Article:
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Harnessing the ocean: Julie Angus talks ‘blue economy’ at Capital Daily Festival

Harnessing the ocean: Julie Angus talks ‘blue economy’ at Capital Daily Festival

The adventurer and entrepreneur has a vision for how gathering data from the ocean could be both sustainable and lucrative

Julie Angus fell in love with the water when she moved to Victoria for graduate school. Since then, she has voyaged across oceans and the world of entrepreneurship, and now helms a company that makes it easier to learn more about the ocean.

In 2018, Angus and her husband Colin created Open Ocean Robotics: a company that builds and deploys unmanned, solar-powered boats that collect information from the ocean that can be used by governments and organizations to protect marine life and advance their defence interests.

“I’ve always been aware that the ocean places a key role in our economy, the environment, and people’s livelihoods,” Angus said. “I would say I started to become more aware of the challenges in protecting the oceans through my expeditions, which have tended to be small boats out on the open ocean, or in coastal ways as well and rowing across the Atlantic.”

Angus became the first woman in the world to row across the Atlantic ocean, after she and her partner traversed 10,000 kilometres between Portugal and Costa Rica over five months in 2005. Her résumé extends well beyond seafaring expeditions: Angus has written books and produced movies, sits on the advisory board for NATO’s Maritime Unmanned Systems initiative, and won countless awards for business, science, and writing accomplishments.

Next month, she will be speaking at Capital Daily Festival about how Victoria is primed to become a “blue economy” hub, and how this could impact the region.

“We’re really well positioned here in Victoria in that we have a lot of ocean resources, we’re surrounded by water,” Angus said. “We also have great government organizations whose focus is to either better understand or protect the waterways, whether you're thinking of the Department of Fisheries, or Institute of Ocean Sciences in Sidney, or the Navy.”

Open Ocean Robotics already has contracts with the Navy and federal government. The data collected by its vessels, called “uncrewed surface vehicles” or USVs, are used for monitoring marine mammals as well as protecting defence interests.

For example, the USVs track where Southern Resident Killer Whales are located and share that information with the Department of Fisheries and Oceans. This information is then used to make decisions, like where and when to slow marine vessel traffic to better protect the whales’ habitat, Angus said.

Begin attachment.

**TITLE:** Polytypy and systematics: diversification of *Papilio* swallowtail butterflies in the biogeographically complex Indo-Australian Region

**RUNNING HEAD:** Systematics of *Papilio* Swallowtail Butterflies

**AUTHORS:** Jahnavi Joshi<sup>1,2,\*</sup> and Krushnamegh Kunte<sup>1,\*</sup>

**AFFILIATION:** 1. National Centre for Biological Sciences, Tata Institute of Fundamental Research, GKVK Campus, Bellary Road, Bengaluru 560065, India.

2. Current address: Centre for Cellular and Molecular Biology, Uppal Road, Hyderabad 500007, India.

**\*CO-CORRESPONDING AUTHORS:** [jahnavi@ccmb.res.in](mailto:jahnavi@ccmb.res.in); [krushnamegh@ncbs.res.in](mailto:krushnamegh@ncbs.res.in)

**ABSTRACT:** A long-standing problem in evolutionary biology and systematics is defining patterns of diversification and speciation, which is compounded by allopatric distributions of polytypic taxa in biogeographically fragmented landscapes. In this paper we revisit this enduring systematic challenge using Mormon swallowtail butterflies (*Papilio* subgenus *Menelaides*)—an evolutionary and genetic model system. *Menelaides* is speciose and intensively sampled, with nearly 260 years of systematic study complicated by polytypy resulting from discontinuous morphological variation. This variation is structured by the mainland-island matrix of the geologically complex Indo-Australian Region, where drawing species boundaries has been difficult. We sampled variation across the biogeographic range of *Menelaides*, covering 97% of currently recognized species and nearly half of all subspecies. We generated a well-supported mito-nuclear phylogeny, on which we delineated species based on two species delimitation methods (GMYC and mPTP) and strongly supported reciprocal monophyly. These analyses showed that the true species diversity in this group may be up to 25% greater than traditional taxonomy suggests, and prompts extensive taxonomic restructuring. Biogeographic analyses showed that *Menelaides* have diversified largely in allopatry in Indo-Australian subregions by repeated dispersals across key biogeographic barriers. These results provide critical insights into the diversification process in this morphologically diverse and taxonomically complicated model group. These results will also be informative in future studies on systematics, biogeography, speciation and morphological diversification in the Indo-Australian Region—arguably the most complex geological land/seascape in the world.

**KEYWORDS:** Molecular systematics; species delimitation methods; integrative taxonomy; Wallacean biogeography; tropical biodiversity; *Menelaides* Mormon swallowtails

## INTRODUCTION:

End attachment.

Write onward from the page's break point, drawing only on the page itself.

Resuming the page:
The company was hired by the Canadian Navy to monitor “their naval ranges where they do maritime exercises,” and make sure they’re safely away from marine mammals.

One of the Uncrewed Surface Vehicles (USVs) at Open Ocean Robotics. Photo: Open Ocean Robotics

Open Ocean Robotics was also recently awarded a $230,000 grant for a five-month project, from the Department of National Defence through a program that funds proposals for “building a defence innovation ecosystem.” The vessels themselves are equipped with sensors to measure weather, waves, depth, and noise, and have a 360-degree camera to “monitor surface conditions and illegal activities,” according to the company’s website. The USVs can run for months at a time and turn themselves upright if they run into strong currents.

As CEO of the company, Angus spends more time taking care of the business than out on site, but recently travelled to the Middle East to oversee the deployment of one of their USVs contracted by the US Navy.

“We just completed an exercise in the Persian Gulf called ‘Digital Horizon,’ looking at advancing these uncrewed assets to…protect against things like trafficking, smuggling, illegal fishing, [and] to protect freedom of navigation for safe passage,” Angus said.

The vessels, she continued, have several advantages over the alternatives: they’re quiet, there’s no greenhouse gas emissions, and they’re scalable.

Recognition for this technology has extended past North America. Angus said she met with Prince William and Princess Kate in Boston earlier in December to talk about Open Ocean Robotics.

“We were selected by their charity, The Earthshot Foundation, as well as the UK consulate, as a company best representing one of their mandates to protect life underwater, so I had the opportunity to showcase our technology there,” she said.

To Angus, all the accolades signal an opportunity to keep growing. The company is about to move into a new facility which will give them space for a larger team and more manufacturing capabilities. They’re also looking into opening offices elsewhere.

“We can operate globally and we've already operated in a number of places around the world,” Angus said. “So that will likely be in the future plans as well.”

To learn more about Angus’s vision for the future of the ocean economy in Victoria, RSVP to the Insiders-only event here.

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Media Contact : Brishti Basu

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